What: Shares of Momenta Pharmaceuticals (NASDAQ:MNTA), a biopharmaceutical company focused on the development of generic and biosimilar drugs for oncology and autoimmune diseases, shed 33% of their value in February, based on data from S&P Global Market Intelligence. The reason behind the move lower appears to be a combination of investor sentiment and a weaker-than-expected fourth-quarter earnings report.
So what: The first issue for Momenta is one that's been widespread among drug developers: a fear of money-losing stocks. The vast majority of drug developers aren't making money, and they require a lot of capital to develop therapies and run clinical studies. When the stock market is volatile and trending lower (as it was for much of January and February), investors would just as soon hit the "sell' button and head for the sidelines. This very well could describe part of the trading action we witnessed in Momenta last month.
However, the unmistakable problem for Momenta was its weaker-than-expected fourth-quarter earnings release on Feb. 18. For the quarter, Momenta delivered $22.4 million in revenue, a nearly 6% improvement over the prior-year quarter, as it recognized $15.6 million alone in product revenue from Sandoz's sale of Glatopa, a generic multiple sclerosis therapy. Net loss for Q4 totaled $29.2 million, or $0.43 per share, which was a substantial jump from the $16 million loss, or $0.31-per-share loss, reported in Q4 2014. Comparatively, Wall Street had been looking for $30.5 million in top-line sales and a narrower loss of just $0.12 per share. In sum, Momenta missed by a mile.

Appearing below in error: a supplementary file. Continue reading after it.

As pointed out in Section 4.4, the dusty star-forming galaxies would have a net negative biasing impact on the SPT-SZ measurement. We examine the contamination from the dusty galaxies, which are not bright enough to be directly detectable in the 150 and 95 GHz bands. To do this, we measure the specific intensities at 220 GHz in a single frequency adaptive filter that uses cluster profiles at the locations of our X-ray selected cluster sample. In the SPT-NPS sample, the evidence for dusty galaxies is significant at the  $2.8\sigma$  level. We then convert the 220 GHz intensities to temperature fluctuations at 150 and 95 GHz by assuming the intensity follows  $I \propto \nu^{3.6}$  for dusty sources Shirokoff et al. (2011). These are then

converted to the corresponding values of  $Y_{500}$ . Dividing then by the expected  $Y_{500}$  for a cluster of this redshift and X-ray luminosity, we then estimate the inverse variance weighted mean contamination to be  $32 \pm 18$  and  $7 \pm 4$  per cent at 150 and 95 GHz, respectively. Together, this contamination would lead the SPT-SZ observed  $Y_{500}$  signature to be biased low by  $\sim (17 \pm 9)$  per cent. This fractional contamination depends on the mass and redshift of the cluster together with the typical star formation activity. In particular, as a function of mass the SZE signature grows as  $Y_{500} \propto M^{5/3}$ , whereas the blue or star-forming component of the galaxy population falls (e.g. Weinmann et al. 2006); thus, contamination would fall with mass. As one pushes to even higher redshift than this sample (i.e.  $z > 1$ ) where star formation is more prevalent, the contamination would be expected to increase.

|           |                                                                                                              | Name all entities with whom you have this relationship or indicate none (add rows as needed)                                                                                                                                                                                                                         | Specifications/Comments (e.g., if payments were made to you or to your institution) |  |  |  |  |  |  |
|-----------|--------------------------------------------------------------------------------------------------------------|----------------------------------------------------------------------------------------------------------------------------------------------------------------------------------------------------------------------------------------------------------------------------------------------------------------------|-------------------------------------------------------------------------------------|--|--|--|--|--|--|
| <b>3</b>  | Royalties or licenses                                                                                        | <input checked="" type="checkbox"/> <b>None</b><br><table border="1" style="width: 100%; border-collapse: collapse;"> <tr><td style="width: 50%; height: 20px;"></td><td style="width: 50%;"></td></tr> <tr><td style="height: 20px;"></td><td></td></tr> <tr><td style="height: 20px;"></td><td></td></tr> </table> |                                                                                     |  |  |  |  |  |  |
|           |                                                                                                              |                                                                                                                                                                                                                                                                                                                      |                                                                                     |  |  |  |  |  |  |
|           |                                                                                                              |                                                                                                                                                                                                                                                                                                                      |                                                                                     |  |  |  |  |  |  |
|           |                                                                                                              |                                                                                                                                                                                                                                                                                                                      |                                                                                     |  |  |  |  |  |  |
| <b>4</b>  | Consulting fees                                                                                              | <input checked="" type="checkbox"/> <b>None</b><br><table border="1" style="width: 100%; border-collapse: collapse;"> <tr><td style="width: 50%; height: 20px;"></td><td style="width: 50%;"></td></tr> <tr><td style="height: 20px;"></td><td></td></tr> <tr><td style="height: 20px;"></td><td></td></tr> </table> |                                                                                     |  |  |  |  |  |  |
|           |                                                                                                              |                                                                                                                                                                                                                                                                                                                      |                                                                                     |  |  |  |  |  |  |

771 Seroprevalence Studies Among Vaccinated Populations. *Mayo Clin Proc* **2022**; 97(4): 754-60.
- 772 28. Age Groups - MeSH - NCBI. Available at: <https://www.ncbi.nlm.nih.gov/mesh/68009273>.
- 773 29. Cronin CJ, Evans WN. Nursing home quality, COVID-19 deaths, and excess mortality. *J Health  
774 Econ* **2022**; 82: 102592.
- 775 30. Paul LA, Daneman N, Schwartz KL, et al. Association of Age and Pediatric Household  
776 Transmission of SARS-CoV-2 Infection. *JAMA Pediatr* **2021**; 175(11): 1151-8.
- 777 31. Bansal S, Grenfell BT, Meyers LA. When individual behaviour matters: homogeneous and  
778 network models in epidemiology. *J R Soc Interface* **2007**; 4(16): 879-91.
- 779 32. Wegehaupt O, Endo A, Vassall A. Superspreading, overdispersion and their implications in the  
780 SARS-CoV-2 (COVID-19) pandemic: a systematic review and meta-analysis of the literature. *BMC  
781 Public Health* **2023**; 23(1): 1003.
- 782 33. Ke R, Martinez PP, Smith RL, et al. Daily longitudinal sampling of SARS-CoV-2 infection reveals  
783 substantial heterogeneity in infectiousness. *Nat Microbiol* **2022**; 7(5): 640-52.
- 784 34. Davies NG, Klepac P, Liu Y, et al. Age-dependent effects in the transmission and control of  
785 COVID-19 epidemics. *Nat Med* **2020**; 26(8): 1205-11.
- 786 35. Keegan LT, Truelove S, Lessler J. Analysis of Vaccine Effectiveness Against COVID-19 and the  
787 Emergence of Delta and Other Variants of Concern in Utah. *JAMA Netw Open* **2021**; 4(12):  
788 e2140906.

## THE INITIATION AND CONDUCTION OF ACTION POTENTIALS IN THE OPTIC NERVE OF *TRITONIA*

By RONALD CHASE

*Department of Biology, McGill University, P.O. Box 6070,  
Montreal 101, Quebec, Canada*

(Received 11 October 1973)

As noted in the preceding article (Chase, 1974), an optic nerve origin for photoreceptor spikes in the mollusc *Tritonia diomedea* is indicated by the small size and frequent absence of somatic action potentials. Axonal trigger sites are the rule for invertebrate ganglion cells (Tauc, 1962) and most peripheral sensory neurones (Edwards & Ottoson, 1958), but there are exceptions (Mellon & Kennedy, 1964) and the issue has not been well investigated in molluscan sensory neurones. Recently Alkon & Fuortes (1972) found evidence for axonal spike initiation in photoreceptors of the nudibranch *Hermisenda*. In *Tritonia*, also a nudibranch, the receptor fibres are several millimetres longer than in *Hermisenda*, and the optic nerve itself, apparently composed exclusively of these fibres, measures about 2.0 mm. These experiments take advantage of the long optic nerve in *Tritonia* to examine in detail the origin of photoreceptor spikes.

Now what: The fourth-quarter report wasn't a complete loss for Momenta, as it also ended the year with $350 million in cash, cash equivalents, and marketable securities, which pretty much removes any near-term cash concerns. Nonetheless, it's pretty evident that Wall Street and investors were looking for substantially better sales of Glatopa since it was launched in June.
Momenta still has a lot of promise, with a number of biosimilar candidates being developed, including a half-dozen in combination with Mylan and a biosimilar for Humira, the best-selling drug in the world, being developed in combination with Baxalta. The Humira biosimilar would likely launch in 2018 if approved. The therapies Momenta is targeting with its biosimilars have tens of billions of dollars in current annual sales, so Momenta stands to benefit in a big way if it gain approval. Furthermore, a generic application for Copaxone, a multiple sclerosis juggernaut developed by Teva Pharmaceutical, is under review by the Food and Drug Administration.
Momenta is certainly more attractive now following its tumble, but its likelihood of producing a profit anytime soon still looks grim. Investors who are considering Momenta should understand that this is a play of five to 10 years at minimum and that patience is a must.